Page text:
run: .github/scripts/release.py
          GITHUB_TOKEN: ${{ secrets.PERSONAL_ACCESS_TOKEN }}


  • The on: workflow_dispatch means that this workflow never runs automatically, it can only be triggered by the Run workflow button:

    Running the release workflow

  • The ${{ secrets.PERSONAL_ACCESS_TOKEN }} passes a personal access token through to GitHub CLI to use to authenticate to the GitHub API.

To get this to work you need to create a GitHub personal access token and add it to the project’s GitHub secrets.

Why not just use GITHUB_TOKEN?

The normal way to use GitHub CLI from GitHub actions would be to just use the ${{ secrets.GITHUB_TOKEN }} that GitHub makes available to actions by default. That won’t work in this case because we’re counting on the GitHub release that the release workflow creates to trigger the separate publish workflow, and events triggered when using GITHUB_TOKEN don’t trigger new workflow runs. So we have to use a personal access token instead.

Go to your GitHub account settings, go to Developer settings → Personal access tokens, and click Generate new token. The token needs to have the repo scopes but doesn’t need any of the others.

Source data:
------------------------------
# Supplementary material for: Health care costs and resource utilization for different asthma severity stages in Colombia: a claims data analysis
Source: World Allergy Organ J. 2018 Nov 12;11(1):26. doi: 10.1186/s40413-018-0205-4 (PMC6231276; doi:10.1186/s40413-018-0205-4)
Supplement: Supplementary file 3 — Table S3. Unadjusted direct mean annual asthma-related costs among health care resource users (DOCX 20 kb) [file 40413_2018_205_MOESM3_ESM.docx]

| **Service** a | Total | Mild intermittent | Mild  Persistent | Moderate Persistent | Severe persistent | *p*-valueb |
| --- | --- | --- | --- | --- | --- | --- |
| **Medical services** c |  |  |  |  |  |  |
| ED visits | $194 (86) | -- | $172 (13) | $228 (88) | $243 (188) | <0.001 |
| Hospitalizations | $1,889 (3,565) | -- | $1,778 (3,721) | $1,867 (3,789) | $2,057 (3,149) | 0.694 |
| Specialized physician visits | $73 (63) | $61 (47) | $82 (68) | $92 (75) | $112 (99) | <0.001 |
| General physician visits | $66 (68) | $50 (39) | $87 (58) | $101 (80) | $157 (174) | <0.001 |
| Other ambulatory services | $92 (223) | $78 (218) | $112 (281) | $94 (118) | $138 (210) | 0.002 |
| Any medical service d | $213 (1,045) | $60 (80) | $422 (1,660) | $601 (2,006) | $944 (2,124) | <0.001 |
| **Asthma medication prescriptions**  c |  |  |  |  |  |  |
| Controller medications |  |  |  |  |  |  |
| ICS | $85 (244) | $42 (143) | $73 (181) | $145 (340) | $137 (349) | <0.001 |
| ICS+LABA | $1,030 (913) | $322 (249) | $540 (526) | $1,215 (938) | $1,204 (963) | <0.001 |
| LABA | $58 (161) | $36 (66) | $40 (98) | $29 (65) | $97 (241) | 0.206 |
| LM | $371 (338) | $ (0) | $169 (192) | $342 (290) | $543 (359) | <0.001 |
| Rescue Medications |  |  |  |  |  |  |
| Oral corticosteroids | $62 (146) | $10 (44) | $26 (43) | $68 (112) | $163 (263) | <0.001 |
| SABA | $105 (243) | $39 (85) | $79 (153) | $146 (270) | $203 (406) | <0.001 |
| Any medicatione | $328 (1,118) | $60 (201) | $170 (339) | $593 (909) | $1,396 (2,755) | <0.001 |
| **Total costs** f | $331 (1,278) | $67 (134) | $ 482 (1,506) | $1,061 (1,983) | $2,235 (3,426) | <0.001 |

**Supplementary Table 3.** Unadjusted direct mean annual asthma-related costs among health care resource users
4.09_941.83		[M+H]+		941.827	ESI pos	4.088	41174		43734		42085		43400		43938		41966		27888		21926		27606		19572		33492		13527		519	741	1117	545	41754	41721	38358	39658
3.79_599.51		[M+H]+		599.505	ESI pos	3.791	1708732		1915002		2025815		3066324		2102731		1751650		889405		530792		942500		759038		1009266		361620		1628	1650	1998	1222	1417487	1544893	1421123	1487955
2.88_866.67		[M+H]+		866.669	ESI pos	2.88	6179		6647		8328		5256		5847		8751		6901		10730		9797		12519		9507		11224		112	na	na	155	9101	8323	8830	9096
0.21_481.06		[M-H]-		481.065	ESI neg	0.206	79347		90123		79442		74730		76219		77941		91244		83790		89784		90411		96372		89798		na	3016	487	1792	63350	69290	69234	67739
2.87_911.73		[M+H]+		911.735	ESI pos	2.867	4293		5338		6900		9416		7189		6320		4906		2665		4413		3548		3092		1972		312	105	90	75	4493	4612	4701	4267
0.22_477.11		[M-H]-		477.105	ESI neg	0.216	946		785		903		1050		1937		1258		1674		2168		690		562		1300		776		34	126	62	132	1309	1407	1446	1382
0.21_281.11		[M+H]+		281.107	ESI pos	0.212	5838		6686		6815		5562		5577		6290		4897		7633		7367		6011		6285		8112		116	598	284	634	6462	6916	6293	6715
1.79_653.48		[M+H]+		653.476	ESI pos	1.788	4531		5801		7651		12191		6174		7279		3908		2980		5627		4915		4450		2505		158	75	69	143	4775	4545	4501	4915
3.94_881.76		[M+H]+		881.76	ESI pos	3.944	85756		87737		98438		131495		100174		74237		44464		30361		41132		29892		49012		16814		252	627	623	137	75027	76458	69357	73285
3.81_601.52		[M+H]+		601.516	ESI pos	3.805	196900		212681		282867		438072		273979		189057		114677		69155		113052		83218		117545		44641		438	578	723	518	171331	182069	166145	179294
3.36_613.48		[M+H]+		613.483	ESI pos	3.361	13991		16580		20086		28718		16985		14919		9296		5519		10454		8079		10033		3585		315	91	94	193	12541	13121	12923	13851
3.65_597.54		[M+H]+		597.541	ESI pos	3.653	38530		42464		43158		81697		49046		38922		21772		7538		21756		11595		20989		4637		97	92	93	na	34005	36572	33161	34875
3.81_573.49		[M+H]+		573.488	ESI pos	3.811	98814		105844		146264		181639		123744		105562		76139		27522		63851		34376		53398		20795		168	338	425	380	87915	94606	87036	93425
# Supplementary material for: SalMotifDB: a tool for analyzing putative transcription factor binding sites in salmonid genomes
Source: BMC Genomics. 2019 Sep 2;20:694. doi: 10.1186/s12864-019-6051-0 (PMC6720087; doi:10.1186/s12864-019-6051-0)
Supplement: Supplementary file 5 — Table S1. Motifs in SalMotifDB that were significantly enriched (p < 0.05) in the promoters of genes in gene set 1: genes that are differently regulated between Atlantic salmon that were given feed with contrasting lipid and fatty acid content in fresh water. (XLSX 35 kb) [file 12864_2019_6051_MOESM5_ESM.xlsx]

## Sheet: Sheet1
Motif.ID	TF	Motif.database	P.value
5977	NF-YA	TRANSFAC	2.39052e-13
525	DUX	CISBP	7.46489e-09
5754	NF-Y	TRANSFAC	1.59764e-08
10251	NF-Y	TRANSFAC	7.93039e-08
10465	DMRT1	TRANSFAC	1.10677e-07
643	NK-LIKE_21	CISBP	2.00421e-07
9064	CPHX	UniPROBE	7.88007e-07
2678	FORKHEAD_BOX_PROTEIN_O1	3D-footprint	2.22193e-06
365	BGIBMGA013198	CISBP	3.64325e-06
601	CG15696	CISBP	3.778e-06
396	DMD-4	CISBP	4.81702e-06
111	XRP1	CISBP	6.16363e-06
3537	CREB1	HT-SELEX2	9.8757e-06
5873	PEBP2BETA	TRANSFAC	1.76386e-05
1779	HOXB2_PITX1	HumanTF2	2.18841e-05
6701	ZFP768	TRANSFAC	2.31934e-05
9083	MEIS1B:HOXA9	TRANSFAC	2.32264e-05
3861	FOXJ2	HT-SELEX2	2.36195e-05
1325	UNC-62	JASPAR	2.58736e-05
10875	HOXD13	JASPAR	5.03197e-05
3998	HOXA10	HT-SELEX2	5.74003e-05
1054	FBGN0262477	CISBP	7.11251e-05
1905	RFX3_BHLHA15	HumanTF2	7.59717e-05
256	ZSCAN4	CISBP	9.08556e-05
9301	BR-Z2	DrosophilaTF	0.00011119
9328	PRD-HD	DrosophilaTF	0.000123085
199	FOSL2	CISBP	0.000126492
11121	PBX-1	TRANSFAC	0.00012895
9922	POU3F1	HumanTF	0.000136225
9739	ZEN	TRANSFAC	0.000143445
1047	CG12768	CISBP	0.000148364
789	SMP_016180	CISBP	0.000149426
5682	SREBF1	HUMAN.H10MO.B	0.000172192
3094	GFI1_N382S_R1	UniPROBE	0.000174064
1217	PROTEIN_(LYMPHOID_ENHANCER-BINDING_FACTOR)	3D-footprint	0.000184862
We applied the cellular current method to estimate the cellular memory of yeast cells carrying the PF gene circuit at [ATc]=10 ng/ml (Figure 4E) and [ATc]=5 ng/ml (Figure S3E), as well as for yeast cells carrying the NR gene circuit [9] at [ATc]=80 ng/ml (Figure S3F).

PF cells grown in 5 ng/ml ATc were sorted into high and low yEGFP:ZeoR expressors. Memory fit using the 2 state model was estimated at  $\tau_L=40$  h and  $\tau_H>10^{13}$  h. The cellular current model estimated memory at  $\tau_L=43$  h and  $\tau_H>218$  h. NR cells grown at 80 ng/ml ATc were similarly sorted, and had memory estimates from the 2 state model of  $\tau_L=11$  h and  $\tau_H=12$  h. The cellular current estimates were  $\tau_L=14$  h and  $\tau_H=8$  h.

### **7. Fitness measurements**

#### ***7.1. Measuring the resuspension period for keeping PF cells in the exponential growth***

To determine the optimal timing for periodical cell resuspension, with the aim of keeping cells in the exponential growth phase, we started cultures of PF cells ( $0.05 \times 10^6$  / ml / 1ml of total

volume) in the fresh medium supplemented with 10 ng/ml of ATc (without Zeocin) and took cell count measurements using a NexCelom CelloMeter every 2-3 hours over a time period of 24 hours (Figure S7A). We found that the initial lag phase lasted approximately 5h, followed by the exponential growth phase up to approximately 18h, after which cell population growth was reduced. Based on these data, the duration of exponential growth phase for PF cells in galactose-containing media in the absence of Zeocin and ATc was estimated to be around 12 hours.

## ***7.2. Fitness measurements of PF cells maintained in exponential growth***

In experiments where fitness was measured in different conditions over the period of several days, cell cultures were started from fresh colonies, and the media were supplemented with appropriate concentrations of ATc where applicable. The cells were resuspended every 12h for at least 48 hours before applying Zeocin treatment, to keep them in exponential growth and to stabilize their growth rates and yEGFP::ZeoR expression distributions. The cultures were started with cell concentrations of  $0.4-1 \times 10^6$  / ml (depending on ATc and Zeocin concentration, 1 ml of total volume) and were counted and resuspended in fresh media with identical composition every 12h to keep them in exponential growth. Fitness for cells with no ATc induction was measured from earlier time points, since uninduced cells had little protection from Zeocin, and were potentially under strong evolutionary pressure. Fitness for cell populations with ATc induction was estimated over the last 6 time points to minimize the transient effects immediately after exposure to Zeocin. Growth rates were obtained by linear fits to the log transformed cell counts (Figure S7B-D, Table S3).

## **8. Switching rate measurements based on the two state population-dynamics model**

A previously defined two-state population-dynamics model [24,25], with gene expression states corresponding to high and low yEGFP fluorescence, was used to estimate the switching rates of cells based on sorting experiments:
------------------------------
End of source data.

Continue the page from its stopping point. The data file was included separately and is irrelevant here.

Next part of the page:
Creating a GitHub personal access token

Then go to the project’s GitHub Actions secrets and create a new secret named PERSONAL_ACCESS_TOKEN with the value of the token you just generated:

Adding the personal access token to GitHub secrets

With the personal access token in place you can now trigger the release workflow from the project’s GitHub Actions page. Go to the Create a new patch release workflow and click the Run workflow button:

Running the release workflow

When the release workflow finishes there’ll be a new GitHub release in the project and a new run of the publish workflow will start. When the publish workflow finishes there’ll be a new release on PyPI:

The release workflow triggering the publish workflow

You just generated a new version number, created a GitHub release, built your Python package, and uploaded it to PyPI with a single click of a Run workflow button!

The --version command

What if you want to add a --version command to app that prints the version number? How can you get access to the version number from the Python code?

You just call importlib.metadata.version(). Here’s the relevant code from app.py:

import sys
from argparse import ArgumentParser
from importlib.metadata import version

def entry_point():
    parser = ArgumentParser()
    parser.add_argument("-v", "--version", action="store_true")

    args = parser.parse_args()

    if args.version: